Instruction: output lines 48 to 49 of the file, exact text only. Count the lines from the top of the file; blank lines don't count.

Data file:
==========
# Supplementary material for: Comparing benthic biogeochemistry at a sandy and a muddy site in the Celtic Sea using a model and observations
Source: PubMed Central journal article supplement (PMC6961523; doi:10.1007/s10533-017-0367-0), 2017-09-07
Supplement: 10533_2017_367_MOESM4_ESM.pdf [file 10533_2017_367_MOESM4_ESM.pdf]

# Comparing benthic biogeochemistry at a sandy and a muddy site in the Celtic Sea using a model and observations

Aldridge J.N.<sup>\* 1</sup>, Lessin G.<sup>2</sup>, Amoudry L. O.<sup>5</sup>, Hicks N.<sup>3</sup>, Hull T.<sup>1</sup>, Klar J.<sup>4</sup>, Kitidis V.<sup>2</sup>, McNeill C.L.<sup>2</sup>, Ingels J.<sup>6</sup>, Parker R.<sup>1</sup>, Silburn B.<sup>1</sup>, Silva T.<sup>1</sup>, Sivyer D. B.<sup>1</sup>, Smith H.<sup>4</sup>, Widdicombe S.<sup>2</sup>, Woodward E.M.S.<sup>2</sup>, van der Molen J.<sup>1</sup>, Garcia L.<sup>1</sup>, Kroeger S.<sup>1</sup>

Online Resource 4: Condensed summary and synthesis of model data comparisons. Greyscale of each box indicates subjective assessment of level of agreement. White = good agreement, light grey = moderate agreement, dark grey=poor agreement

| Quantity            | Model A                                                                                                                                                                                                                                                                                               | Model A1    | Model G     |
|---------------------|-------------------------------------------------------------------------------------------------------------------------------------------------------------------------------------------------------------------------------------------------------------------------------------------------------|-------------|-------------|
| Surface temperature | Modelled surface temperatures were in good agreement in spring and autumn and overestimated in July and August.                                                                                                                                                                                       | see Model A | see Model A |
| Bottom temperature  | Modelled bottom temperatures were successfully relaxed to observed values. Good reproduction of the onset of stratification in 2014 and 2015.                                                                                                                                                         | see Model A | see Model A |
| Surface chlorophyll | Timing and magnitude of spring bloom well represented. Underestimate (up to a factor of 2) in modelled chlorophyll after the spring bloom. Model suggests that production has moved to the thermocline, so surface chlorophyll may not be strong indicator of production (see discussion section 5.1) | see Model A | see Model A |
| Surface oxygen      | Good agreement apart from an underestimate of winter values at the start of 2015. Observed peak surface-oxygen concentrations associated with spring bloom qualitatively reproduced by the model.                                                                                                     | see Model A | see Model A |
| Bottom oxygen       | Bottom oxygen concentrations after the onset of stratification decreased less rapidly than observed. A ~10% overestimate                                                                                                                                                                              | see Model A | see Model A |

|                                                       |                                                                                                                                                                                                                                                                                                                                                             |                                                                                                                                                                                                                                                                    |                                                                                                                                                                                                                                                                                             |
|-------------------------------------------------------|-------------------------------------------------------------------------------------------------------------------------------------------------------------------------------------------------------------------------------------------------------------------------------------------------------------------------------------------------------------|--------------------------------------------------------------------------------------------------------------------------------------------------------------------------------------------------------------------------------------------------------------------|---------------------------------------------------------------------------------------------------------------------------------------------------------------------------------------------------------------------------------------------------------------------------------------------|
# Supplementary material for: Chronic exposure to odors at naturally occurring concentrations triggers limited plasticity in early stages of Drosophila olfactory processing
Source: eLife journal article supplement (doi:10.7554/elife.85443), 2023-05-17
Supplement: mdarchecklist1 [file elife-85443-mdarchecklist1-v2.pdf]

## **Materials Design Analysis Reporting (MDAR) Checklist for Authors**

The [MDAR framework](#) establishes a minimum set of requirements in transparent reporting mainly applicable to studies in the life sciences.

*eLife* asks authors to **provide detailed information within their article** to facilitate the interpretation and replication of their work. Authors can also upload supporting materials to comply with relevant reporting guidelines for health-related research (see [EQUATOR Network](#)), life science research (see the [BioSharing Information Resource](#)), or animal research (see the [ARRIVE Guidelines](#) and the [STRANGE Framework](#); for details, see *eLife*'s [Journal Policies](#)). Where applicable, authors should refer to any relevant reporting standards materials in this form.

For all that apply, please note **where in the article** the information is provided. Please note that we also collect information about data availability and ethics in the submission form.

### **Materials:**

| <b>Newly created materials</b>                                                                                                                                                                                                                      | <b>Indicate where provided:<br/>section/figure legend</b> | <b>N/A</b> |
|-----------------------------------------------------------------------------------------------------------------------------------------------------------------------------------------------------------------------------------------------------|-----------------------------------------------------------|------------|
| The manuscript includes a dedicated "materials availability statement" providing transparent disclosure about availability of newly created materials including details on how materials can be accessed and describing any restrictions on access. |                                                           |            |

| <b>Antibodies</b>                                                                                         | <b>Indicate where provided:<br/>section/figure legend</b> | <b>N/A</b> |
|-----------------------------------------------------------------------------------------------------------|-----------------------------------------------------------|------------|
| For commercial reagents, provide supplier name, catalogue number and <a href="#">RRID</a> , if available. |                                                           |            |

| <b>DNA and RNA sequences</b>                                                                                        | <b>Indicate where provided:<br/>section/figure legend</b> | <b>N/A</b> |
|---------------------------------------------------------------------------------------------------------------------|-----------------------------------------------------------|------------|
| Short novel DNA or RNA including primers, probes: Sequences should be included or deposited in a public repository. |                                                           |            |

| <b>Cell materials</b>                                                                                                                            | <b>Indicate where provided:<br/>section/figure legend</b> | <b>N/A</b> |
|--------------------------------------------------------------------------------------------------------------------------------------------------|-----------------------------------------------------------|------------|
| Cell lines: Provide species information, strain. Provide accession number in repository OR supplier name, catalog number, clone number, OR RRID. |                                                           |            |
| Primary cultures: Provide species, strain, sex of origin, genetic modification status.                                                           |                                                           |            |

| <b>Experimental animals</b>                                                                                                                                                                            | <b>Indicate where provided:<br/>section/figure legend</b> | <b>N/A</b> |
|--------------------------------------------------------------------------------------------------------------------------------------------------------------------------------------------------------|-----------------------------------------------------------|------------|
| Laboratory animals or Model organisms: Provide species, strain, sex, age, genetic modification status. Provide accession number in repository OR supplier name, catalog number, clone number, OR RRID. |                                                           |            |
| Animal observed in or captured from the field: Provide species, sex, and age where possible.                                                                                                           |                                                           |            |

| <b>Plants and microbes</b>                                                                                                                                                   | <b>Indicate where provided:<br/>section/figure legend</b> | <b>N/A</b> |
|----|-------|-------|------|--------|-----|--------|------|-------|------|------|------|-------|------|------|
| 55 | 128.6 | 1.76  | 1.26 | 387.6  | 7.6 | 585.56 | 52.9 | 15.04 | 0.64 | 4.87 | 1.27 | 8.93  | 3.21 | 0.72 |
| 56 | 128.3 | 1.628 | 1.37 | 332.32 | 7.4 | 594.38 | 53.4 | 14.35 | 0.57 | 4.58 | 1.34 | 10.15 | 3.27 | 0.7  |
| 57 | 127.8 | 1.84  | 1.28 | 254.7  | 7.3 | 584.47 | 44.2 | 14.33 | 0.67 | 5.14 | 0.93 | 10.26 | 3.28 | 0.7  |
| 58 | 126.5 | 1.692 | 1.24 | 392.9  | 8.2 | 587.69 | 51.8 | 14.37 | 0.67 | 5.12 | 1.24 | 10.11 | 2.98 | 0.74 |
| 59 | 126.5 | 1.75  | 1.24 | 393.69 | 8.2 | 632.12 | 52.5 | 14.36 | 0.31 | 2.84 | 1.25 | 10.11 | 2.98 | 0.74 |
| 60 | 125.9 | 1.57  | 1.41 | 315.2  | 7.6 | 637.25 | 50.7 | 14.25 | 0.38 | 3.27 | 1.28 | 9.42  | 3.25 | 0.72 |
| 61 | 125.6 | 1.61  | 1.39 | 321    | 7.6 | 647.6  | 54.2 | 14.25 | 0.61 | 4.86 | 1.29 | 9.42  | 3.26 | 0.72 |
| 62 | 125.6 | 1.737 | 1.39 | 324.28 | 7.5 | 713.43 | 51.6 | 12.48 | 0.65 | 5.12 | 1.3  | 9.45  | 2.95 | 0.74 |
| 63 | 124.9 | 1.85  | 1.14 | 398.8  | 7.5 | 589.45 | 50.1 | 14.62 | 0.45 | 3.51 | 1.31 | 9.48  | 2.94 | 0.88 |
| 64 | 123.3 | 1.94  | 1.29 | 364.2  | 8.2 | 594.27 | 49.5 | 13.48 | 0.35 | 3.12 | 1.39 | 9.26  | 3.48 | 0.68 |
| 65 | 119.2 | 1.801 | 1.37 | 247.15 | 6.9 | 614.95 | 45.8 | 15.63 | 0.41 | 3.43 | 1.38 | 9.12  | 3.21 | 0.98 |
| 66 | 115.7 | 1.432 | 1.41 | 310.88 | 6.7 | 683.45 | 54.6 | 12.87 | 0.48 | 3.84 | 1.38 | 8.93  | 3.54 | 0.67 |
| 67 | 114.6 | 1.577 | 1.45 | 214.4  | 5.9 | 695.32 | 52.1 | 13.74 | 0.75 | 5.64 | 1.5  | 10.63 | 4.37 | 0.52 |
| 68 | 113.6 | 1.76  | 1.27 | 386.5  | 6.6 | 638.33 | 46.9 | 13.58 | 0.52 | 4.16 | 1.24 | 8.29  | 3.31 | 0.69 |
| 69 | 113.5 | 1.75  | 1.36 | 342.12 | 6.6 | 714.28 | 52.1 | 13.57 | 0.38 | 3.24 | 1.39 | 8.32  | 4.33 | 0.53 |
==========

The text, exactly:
| 60 | 125.9 | 1.57  | 1.41 | 315.2  | 7.6 | 637.25 | 50.7 | 14.25 | 0.38 | 3.27 | 1.28 | 9.42  | 3.25 | 0.72 |
| 61 | 125.6 | 1.61  | 1.39 | 321    | 7.6 | 647.6  | 54.2 | 14.25 | 0.61 | 4.86 | 1.29 | 9.42  | 3.26 | 0.72 |